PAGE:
Publication Type: Panel Paper
Abstract: For many participants in extreme right movements, such as Zaitokukai, the revelation in 2002 that North Korea had abducted numerous Japanese citizens from Japanese shores was a key motivating factor in joining the movement. This study looks at demonstrations by Zaitokukai and others, who attacked Kyoto Korean School in 2009 and 2010, and the court case that followed their arrest, based on my extensive fieldwork and in-depth interviews with the activists who participated in them.  I will focus on how they interpreted the North Korean abduction issue and used it in both their demonstrations and the court case to justify their actions. I will also address their seemingly irrelevant claim that Chongryon was involved in the abductions. I will show why they reached such an understanding of the North Korean abductions, and also of the postwar history of North Korea-Japan relations. My research reveals that the activists frequently participated in gatherings and activities on the theme of North Korean abductions, hosted by mainstream conservative organizations. These organizations have close connections to conservative Diet representatives. Based on such experiences, extreme right activists such as members of Zaitokukai are confident that mainstream Japanese society shares the idea that Chongryon and Korean schools were relevant forces in the abductions. I argue that Zaitokukai’s understanding of the North Korean abduction issue is a significant factor that connects them to mainstream conservative politicians and organizations, and they strategically use the issue to justify their aggressive actions and hate speech.

2017 - Association for Asian Studies - Annual Conference Words: 234 words || 
4. Cho, Mun Young. "The Alternative “Korean Wave”: Globalizing South Korean Grassroots Activism" Paper presented at the annual meeting of the Association for Asian Studies - Annual Conference, Sheraton Centre Toronto Hotel, Toronto, Canada, <Not Available>. 2019-11-22 <>
Publication Type: Panel Paper
Abstract: On the occasion of the fourth anniversary of the South Korean committee for overseas community organization (KOCO) in July 2016, a female founder spoke to the audience: “the world is much the same as Bongcheon-dong.” In her statement, Bongcheon-dong was neither an administrative place-name in Seoul, South Korea, nor an erstwhile site for anti-eviction struggles that she had long been engaged since the 1990s. Instead, the location emerged as a critical metaphor for producing a creative dialogue between veteran grassroots activism and the growing regime of international development NGOs. In this paper, I examine how historic sites of South Korean grassroots activism function as a “core location” (Young-Seo Baik, 2013) for counter-development as veteran activists attempt to revitalize its legacy in the realm of migration and international development. Using KOCO’s activities as an ethnographic example, I analyze the globalization of South Korean community activism, in which tenacious struggles for grassroots democracy, not the nation’s economic miracle, usher migrant workers from Asian countries as well as young agents in development NGOs into the “Korean Wave” in some new ways. Through a pilgrimage to historic sites of activism, memorial events for the late activists, and international exchange among Asian activists, the alternative Korean Wave locates Korea as a method through which a series of practices based on horizontal solidarity among the globally marginalized confound the labor-oriented order of migration and the techno-politics of global anti-poverty interventions.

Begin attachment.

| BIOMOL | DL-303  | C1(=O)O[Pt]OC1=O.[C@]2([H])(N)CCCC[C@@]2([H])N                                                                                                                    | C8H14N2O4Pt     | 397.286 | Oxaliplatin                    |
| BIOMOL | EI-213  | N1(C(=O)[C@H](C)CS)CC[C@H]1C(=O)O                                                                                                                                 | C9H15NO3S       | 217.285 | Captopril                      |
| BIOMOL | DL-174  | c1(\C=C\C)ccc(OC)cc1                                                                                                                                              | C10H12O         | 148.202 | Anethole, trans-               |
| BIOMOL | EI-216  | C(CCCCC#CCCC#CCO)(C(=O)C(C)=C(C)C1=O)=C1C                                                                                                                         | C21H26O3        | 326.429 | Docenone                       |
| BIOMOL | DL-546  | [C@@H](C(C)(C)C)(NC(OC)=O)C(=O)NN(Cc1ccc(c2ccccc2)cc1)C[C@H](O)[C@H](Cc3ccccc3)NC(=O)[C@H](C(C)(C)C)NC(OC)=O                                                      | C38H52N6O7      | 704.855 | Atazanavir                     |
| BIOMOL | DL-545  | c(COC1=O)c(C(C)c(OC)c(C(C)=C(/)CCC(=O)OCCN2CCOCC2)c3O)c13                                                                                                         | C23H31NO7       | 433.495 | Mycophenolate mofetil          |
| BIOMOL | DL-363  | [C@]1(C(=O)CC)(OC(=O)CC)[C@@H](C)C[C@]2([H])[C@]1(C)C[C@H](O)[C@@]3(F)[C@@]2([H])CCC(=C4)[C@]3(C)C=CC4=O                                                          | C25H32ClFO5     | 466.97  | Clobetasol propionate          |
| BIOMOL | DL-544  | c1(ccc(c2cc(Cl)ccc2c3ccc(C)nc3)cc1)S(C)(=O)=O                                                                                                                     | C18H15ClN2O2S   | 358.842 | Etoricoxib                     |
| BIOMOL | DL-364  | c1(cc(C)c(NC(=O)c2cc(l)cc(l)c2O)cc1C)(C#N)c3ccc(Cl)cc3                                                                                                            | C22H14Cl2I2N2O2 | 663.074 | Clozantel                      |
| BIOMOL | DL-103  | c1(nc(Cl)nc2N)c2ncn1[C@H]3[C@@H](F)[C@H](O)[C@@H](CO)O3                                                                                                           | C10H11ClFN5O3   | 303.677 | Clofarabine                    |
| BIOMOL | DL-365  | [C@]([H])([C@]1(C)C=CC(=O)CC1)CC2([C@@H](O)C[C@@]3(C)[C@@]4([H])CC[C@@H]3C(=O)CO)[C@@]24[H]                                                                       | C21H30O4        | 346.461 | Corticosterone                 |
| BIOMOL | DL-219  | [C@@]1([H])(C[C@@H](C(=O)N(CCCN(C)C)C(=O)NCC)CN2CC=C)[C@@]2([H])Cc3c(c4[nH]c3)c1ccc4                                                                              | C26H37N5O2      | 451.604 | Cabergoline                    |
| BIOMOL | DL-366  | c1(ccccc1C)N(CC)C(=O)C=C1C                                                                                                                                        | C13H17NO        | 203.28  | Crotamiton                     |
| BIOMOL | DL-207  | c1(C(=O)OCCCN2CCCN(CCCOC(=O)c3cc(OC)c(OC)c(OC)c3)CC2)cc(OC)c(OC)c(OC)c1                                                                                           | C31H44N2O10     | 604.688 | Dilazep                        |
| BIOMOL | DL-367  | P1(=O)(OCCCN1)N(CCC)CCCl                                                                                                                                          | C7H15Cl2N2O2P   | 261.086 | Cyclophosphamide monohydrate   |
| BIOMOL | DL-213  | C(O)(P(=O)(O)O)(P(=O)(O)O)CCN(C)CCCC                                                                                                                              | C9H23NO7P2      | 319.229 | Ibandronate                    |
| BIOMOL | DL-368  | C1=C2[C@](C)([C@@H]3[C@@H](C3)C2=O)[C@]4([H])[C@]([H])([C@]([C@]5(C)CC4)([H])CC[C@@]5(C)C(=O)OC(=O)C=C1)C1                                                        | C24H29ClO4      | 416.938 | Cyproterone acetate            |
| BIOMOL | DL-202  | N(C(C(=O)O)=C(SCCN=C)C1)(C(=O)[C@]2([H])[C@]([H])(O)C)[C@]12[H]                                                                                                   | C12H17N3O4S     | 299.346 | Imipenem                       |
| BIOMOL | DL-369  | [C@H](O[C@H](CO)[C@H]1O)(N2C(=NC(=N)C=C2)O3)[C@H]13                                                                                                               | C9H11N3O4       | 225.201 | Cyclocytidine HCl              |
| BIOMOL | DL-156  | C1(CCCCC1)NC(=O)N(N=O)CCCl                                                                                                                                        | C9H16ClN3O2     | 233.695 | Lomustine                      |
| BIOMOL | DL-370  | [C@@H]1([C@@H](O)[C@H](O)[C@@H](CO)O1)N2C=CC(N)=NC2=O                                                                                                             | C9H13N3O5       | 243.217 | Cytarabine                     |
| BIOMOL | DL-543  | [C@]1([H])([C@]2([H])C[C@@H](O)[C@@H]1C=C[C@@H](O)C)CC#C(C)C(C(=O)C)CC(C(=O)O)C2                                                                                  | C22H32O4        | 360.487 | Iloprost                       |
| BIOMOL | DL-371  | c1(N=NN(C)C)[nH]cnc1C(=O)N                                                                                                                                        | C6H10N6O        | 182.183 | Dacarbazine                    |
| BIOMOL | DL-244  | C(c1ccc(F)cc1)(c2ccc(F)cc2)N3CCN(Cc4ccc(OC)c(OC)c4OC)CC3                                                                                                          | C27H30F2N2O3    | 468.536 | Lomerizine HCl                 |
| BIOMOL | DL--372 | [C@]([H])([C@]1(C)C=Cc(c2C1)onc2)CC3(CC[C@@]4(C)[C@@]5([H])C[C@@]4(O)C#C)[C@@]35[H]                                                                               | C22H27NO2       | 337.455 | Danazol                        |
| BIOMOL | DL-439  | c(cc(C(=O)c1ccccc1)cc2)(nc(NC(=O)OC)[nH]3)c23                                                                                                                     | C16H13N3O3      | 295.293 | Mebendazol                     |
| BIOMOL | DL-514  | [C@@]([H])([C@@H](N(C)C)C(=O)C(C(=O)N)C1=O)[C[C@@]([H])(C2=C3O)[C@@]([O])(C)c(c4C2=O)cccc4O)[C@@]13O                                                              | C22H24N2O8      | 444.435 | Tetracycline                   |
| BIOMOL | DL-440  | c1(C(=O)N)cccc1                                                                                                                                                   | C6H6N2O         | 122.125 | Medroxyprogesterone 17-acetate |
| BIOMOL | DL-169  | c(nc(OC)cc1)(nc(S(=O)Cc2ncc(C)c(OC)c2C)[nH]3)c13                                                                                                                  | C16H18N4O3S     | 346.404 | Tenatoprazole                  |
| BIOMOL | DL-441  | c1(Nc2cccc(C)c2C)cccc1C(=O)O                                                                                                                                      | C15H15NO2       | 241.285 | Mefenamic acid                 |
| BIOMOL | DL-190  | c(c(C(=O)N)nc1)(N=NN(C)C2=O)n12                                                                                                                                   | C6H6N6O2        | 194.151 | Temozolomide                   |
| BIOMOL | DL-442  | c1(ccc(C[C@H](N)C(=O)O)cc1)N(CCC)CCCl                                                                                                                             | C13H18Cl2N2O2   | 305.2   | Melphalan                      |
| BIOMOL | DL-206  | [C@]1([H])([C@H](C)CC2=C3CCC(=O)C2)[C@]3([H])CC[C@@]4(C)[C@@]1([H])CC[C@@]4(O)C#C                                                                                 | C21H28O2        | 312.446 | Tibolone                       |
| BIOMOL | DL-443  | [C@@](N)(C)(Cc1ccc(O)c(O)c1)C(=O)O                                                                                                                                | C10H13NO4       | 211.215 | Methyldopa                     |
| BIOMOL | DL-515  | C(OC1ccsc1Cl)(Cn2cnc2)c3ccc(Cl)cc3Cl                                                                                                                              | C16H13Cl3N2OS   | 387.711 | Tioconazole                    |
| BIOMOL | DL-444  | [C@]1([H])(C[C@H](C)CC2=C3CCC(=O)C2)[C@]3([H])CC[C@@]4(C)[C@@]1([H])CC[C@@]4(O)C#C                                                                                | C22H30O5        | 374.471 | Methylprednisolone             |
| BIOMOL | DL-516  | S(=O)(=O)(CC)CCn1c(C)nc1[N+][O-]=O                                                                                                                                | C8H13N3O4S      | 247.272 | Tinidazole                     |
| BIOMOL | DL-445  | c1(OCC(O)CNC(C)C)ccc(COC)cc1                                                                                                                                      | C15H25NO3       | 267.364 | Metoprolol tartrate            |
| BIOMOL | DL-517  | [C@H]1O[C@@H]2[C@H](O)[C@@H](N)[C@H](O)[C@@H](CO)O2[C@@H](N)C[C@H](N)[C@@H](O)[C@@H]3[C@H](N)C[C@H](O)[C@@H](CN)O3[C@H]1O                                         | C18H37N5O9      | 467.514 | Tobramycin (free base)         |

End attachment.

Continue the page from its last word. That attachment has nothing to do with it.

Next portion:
2017 - Association for Asian Studies - Annual Conference Words: 246 words || 
5. Cho, Eun Ah. "Mirrored Images: Gendered Subjectivity of North Korean Migrants in South Korean Television" Paper presented at the annual meeting of the Association for Asian Studies - Annual Conference, Sheraton Centre Toronto Hotel, Toronto, Canada, Mar 16, 2017 <Not Available>. 2019-11-22 <>
Publication Type: Individual Paper
Review Method: Peer Reviewed
Abstract: This paper analyzes four television programs which greatly contribute to establishing the image of North Korean migrants in contemporary South Korean society. In these programs, the North Korean migrants not only repeat the gender roles they have embodied within North Korean society, but their gendered images are appropriated to fortify the gender-hierarchical frame of South Korean society. The way in which the North Korean female and male migrants are portrayed is very distinctive. While the North Korean women, or Northern beauties, play the role of women who are robust but obedient to South Korean men, the North Korean men are described as blunt and unsophisticated in contrast with the civilized South Korean men. The North Korean males’ tanned skin and strong Northern accents satisfy South Korean males who showcase their urbanized appearance with the standardized intonation. Once the North Korean men migrate to South Korean society, the competition between these enemies of North and South Korean men is no longer sustained. The existence of North Korean male migrants is used to strengthen the South Korean males’ masculinity, which identifies with the authority of its nation-state. On the other hand, there is no proper space for South Korean women in this highly gendered frame. North Korean men are almost invisible, but South Korean women are absent in this sphere. By examining distinguished gender groups, this paper shows how North Korean and South Korean females are marginalized in contemporary South Korean society where misogynistic discourse has become intensified.

Pages: Previous - 1 2 3 4 5 6 7 8 9 10 11 12 13 ... 410 - Next  Jump:

©2019 All Academic, Inc.   |   All Academic Privacy Policy